5. Potential and Limitations

Although Generalised models performed better at various management practices, the application of terrestrial hyperspectral measurements is still time consuming and cannot be applied on larger scales. Contrarily, drone techniques carry great potential to collect hyperspectral imagery in a comparable spatial resolution for larger areas. Another limitation is the dependence of the relative prediction error of the models from the growth development of the crops, which may have been enhanced by the change of crop varieties across years.

6. Conclusions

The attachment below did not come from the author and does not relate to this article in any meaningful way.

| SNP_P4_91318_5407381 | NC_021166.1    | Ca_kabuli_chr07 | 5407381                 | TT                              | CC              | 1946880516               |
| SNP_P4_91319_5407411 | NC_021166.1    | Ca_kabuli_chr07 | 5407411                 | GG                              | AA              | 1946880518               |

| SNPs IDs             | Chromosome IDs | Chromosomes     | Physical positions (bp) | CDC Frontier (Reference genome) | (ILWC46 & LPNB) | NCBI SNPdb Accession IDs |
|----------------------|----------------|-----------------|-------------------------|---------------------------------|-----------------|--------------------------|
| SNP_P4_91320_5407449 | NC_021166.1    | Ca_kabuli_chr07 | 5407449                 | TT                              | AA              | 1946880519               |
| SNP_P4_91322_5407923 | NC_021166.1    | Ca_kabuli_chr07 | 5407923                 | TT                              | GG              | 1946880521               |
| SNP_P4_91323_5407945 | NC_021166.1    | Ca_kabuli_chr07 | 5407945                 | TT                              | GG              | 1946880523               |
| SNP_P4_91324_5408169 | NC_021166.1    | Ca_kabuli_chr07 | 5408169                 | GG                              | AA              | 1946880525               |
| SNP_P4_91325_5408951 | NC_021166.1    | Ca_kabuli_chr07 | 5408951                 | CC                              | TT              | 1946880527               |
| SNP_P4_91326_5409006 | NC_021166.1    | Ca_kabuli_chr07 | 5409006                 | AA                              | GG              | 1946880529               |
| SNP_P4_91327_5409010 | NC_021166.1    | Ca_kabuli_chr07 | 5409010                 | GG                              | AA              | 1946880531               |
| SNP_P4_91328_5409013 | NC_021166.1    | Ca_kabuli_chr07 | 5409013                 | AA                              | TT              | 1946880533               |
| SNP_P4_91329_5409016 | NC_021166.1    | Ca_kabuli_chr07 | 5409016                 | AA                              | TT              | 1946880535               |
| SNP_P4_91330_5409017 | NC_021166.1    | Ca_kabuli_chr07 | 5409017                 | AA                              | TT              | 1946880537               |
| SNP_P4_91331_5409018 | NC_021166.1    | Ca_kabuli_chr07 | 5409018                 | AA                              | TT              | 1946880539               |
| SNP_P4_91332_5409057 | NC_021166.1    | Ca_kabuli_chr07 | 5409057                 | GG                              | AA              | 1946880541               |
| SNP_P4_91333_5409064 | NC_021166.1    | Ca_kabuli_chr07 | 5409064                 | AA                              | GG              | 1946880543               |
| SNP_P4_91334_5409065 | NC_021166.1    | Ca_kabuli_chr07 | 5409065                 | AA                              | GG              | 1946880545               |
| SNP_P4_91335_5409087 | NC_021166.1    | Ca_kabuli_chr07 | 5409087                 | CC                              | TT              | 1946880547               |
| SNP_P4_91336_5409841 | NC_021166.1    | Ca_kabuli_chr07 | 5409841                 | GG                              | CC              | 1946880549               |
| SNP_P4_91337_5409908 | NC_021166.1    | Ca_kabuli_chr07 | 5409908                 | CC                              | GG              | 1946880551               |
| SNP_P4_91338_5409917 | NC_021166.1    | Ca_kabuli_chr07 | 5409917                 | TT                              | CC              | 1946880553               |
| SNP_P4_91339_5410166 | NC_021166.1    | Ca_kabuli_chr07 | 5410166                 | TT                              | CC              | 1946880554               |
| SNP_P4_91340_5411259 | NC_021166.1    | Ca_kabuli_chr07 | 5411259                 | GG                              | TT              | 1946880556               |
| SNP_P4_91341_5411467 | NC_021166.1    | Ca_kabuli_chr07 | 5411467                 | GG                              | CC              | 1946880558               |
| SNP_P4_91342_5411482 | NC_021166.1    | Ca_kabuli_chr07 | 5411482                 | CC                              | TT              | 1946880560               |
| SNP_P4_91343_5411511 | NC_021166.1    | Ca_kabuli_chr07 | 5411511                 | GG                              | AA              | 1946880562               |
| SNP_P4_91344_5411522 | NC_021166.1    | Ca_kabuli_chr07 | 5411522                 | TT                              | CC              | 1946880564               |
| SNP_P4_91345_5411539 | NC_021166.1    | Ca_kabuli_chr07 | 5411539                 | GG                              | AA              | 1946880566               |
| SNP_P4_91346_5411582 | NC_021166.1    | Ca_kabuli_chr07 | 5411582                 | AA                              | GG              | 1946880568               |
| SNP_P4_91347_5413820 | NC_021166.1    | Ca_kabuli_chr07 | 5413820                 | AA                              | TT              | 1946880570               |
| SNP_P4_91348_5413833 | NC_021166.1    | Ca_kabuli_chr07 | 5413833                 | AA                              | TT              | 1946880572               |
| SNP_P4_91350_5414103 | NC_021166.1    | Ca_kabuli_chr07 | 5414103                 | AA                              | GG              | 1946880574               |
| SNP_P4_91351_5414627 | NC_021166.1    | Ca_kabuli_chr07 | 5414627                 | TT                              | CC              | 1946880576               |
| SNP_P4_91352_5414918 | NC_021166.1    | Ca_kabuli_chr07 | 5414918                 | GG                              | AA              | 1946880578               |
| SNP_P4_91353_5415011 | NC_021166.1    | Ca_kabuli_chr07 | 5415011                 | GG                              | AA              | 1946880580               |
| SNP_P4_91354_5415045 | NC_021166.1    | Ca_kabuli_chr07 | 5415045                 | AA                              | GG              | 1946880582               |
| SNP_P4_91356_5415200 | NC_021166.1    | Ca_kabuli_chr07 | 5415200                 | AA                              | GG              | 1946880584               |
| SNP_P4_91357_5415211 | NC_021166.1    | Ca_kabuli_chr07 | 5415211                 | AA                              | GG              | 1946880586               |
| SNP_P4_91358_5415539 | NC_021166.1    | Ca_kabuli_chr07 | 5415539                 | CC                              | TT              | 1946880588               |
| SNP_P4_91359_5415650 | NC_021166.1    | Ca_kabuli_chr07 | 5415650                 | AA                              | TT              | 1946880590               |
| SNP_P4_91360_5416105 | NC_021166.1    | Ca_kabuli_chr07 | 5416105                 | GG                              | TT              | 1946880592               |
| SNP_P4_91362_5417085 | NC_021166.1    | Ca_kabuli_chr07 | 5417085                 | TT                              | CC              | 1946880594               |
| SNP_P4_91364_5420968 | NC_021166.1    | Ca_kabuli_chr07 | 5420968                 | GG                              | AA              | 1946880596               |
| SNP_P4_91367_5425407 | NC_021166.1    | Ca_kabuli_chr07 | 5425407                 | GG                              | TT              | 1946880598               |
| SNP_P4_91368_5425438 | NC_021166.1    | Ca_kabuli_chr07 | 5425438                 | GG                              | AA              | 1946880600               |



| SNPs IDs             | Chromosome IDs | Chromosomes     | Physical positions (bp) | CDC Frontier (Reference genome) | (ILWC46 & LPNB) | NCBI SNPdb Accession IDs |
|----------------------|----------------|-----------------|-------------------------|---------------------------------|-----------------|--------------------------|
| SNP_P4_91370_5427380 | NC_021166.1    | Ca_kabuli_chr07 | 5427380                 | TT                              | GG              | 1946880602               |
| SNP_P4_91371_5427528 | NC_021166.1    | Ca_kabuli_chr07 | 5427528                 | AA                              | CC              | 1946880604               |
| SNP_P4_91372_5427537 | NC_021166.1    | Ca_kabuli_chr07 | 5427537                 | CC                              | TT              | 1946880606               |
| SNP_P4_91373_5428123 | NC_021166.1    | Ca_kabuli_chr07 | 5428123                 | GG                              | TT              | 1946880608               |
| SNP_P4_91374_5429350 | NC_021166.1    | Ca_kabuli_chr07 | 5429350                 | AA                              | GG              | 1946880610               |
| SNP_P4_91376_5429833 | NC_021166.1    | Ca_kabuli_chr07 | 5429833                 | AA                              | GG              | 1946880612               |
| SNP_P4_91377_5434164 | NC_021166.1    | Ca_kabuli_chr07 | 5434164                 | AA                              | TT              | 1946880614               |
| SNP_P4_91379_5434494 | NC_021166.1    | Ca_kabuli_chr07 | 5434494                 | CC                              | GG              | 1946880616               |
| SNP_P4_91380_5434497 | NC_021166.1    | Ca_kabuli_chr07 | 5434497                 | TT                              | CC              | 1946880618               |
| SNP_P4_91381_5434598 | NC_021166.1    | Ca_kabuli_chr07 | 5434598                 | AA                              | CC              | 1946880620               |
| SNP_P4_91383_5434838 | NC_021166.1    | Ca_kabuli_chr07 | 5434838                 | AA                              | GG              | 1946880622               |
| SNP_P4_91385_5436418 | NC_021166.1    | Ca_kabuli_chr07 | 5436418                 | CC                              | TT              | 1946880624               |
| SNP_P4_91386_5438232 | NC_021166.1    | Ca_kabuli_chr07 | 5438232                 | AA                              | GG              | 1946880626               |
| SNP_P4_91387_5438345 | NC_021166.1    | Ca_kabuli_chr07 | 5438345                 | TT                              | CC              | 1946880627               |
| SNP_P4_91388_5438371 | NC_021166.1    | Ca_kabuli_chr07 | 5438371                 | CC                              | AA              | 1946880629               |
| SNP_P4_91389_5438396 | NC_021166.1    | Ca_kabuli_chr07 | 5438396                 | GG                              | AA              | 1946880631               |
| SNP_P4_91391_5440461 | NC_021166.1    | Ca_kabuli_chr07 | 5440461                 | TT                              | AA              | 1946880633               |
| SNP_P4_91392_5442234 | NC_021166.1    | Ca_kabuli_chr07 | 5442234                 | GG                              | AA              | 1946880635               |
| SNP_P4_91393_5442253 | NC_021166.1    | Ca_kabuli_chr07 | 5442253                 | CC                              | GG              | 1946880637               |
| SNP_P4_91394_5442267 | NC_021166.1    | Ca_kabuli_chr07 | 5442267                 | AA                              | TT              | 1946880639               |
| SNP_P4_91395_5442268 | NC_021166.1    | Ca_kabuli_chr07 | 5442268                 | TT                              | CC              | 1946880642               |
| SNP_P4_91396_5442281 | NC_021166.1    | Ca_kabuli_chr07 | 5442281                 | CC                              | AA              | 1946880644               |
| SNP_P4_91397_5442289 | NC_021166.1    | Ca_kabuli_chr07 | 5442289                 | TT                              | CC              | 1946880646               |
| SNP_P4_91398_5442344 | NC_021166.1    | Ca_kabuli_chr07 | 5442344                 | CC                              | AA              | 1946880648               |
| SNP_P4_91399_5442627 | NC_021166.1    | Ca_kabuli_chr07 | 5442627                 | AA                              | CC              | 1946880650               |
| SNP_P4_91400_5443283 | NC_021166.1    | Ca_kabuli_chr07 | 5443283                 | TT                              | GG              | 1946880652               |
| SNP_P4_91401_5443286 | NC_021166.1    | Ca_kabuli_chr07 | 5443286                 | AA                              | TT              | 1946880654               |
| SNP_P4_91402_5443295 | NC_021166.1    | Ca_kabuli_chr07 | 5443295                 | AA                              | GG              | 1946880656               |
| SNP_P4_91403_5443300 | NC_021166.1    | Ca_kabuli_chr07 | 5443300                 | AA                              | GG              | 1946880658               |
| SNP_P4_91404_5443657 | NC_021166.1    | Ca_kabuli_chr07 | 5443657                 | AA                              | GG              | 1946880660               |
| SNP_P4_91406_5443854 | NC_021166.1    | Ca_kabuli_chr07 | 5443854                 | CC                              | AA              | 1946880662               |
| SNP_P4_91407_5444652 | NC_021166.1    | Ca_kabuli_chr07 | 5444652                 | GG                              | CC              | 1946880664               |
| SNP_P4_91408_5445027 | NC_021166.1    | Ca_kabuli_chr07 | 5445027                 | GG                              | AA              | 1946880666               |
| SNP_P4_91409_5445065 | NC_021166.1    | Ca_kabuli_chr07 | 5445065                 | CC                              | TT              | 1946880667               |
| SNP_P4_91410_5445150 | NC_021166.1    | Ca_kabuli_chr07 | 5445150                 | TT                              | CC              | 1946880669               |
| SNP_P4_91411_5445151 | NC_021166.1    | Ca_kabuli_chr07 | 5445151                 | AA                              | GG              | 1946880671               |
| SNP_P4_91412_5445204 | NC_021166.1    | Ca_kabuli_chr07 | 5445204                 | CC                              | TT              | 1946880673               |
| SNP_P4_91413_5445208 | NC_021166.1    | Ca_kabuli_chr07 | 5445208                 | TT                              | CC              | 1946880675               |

It has been shown that random forest regression modelling based on multi-temporal hyperspectral imagery allows the prediction of fresh matter biomass of three major food and feed crops, i.e., lablab, maize and finger millet, grown in the monsoon season on vast areas of southern India. The results of this study showed that Generalised models, which were built on crop data from both rainfed and irrigated conditions, are more robust than water management specific models. For all Generalised crop models, deviations between predicted and observed values were independent of N fertiliser and water supply, indicating a wide validity range of the models. However, an overestimation of crop biomass was detected at initial growth stages of crops along with an underestimation at the later stages of the crop growth, which was particularly pronounced with the more productive crops maize and finger millet. While wavelengths in the red edge region were important variables in all three Generalised crop models, several others in the visible and near infrared region were important in models for lablab and finger millet. The results of this study suggest that, for the tested monsoon crops at advanced maturity, even hyperspectral information is not sufficient for an accurate biomass prediction. Data fusion from a combination of sensors may improve the prediction performance, as complementary sensors can compensate for their respective deficiencies. Although lablab and finger millet are important food and cattle crops in South India, there is surprisingly little research done up to date, thus further research in this field will be of major importance considering the dynamic changes in societal and climatic conditions in this region.